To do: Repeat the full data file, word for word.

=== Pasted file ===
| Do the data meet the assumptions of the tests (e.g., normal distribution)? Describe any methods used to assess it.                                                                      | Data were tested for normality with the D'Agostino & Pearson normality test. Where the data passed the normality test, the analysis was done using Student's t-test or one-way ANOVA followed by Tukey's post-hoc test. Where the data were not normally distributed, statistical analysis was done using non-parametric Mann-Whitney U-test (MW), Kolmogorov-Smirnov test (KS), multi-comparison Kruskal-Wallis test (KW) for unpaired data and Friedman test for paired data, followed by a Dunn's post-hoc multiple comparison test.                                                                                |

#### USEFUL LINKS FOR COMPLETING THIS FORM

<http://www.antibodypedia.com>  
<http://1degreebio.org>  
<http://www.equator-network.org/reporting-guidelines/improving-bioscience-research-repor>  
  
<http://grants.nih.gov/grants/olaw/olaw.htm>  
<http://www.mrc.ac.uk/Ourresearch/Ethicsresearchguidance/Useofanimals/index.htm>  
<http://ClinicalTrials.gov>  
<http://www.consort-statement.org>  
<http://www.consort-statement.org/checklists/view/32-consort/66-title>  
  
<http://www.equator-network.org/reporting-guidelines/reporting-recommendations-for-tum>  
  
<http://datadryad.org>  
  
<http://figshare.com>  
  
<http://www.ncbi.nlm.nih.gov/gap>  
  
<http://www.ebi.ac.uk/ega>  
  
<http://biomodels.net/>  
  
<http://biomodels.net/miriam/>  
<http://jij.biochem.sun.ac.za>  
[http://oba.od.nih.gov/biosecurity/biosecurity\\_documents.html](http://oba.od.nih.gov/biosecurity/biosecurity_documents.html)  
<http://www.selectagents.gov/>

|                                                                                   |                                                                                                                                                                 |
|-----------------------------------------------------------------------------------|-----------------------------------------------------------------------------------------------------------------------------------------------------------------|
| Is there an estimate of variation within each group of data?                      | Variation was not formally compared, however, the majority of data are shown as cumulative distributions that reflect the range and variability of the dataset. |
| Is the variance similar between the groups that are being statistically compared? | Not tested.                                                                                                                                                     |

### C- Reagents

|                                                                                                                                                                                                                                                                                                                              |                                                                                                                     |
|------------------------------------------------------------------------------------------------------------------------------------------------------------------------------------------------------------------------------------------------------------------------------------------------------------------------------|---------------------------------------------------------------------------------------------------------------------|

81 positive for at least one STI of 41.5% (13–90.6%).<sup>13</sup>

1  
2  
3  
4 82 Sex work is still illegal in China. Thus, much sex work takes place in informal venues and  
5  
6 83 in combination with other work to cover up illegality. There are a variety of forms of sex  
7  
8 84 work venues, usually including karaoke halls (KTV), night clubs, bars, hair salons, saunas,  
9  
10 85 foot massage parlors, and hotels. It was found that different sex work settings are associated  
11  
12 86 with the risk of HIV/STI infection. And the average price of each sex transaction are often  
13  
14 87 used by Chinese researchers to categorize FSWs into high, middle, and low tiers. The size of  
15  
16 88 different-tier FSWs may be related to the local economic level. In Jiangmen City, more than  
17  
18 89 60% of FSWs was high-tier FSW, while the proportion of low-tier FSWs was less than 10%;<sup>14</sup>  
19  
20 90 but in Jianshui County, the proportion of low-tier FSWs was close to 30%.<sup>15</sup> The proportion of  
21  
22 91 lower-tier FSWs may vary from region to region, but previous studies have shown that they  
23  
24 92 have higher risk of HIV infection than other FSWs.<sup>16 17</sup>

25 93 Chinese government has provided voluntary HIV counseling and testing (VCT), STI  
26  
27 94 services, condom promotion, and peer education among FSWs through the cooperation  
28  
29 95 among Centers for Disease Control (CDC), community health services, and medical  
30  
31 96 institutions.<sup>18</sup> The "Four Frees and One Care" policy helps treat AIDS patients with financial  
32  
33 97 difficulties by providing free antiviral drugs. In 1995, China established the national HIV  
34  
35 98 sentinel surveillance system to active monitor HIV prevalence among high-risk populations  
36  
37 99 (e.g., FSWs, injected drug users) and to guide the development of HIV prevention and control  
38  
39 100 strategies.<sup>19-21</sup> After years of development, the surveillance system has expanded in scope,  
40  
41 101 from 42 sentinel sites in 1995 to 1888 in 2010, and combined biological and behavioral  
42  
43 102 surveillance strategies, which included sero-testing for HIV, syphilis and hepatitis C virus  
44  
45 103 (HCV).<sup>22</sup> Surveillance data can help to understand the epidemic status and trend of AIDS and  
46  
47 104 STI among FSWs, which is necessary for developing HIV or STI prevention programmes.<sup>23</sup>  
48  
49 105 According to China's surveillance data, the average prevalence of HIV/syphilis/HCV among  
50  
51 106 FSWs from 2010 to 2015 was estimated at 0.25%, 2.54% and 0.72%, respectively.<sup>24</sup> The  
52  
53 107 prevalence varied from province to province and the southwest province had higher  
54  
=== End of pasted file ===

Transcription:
| Do the data meet the assumptions of the tests (e.g., normal distribution)? Describe any methods used to assess it.                                                                      | Data were tested for normality with the D'Agostino & Pearson normality test. Where the data passed the normality test, the analysis was done using Student's t-test or one-way ANOVA followed by Tukey's post-hoc test. Where the data were not normally distributed, statistical analysis was done using non-parametric Mann-Whitney U-test (MW), Kolmogorov-Smirnov test (KS), multi-comparison Kruskal-Wallis test (KW) for unpaired data and Friedman test for paired data, followed by a Dunn's post-hoc multiple comparison test.                                                                                |

#### USEFUL LINKS FOR COMPLETING THIS FORM

<http://www.antibodypedia.com>  
<http://1degreebio.org>  
<http://www.equator-network.org/reporting-guidelines/improving-bioscience-research-repor>  
  
<http://grants.nih.gov/grants/olaw/olaw.htm>  
<http://www.mrc.ac.uk/Ourresearch/Ethicsresearchguidance/Useofanimals/index.htm>  
<http://ClinicalTrials.gov>  
<http://www.consort-statement.org>  
<http://www.consort-statement.org/checklists/view/32-consort/66-title>  
  
<http://www.equator-network.org/reporting-guidelines/reporting-recommendations-for-tum>  
  
<http://datadryad.org>  
  
<http://figshare.com>  
  
<http://www.ncbi.nlm.nih.gov/gap>  
  
<http://www.ebi.ac.uk/ega>  
  
<http://biomodels.net/>  
  
<http://biomodels.net/miriam/>  
<http://jij.biochem.sun.ac.za>  
[http://oba.od.nih.gov/biosecurity/biosecurity\\_documents.html](http://oba.od.nih.gov/biosecurity/biosecurity_documents.html)  
<http://www.selectagents.gov/>

|                                                                                   |                                                                                                                                                                 |
|-----------------------------------------------------------------------------------|-----------------------------------------------------------------------------------------------------------------------------------------------------------------|
| Is there an estimate of variation within each group of data?                      | Variation was not formally compared, however, the majority of data are shown as cumulative distributions that reflect the range and variability of the dataset. |
| Is the variance similar between the groups that are being statistically compared? | Not tested.                                                                                                                                                     |

### C- Reagents

|                                                                                                                                                                                                                                                                                                                              |                                                                                                                     |
|------------------------------------------------------------------------------------------------------------------------------------------------------------------------------------------------------------------------------------------------------------------------------------------------------------------------------|---------------------------------------------------------------------------------------------------------------------|

81 positive for at least one STI of 41.5% (13–90.6%).<sup>13</sup>

1  
2  
3  
4 82 Sex work is still illegal in China. Thus, much sex work takes place in informal venues and  
5  
6 83 in combination with other work to cover up illegality. There are a variety of forms of sex  
7  
8 84 work venues, usually including karaoke halls (KTV), night clubs, bars, hair salons, saunas,  
9  
10 85 foot massage parlors, and hotels. It was found that different sex work settings are associated  
11  
12 86 with the risk of HIV/STI infection. And the average price of each sex transaction are often  
13  
14 87 used by Chinese researchers to categorize FSWs into high, middle, and low tiers. The size of  
15  
16 88 different-tier FSWs may be related to the local economic level. In Jiangmen City, more than  
17  
18 89 60% of FSWs was high-tier FSW, while the proportion of low-tier FSWs was less than 10%;<sup>14</sup>  
19  
20 90 but in Jianshui County, the proportion of low-tier FSWs was close to 30%.<sup>15</sup> The proportion of  
21  
22 91 lower-tier FSWs may vary from region to region, but previous studies have shown that they  
23  
24 92 have higher risk of HIV infection than other FSWs.<sup>16 17</sup>

25 93 Chinese government has provided voluntary HIV counseling and testing (VCT), STI  
26  
27 94 services, condom promotion, and peer education among FSWs through the cooperation  
28  
29 95 among Centers for Disease Control (CDC), community health services, and medical  
30  
31 96 institutions.<sup>18</sup> The "Four Frees and One Care" policy helps treat AIDS patients with financial  
32  
33 97 difficulties by providing free antiviral drugs. In 1995, China established the national HIV  
34  
35 98 sentinel surveillance system to active monitor HIV prevalence among high-risk populations  
36  
37 99 (e.g., FSWs, injected drug users) and to guide the development of HIV prevention and control  
38  
39 100 strategies.<sup>19-21</sup> After years of development, the surveillance system has expanded in scope,  
40  
41 101 from 42 sentinel sites in 1995 to 1888 in 2010, and combined biological and behavioral  
42  
43 102 surveillance strategies, which included sero-testing for HIV, syphilis and hepatitis C virus  
44  
45 103 (HCV).<sup>22</sup> Surveillance data can help to understand the epidemic status and trend of AIDS and  
46  
47 104 STI among FSWs, which is necessary for developing HIV or STI prevention programmes.<sup>23</sup>  
48  
49 105 According to China's surveillance data, the average prevalence of HIV/syphilis/HCV among  
50  
51 106 FSWs from 2010 to 2015 was estimated at 0.25%, 2.54% and 0.72%, respectively.<sup>24</sup> The  
52  
53 107 prevalence varied from province to province and the southwest province had higher  
54  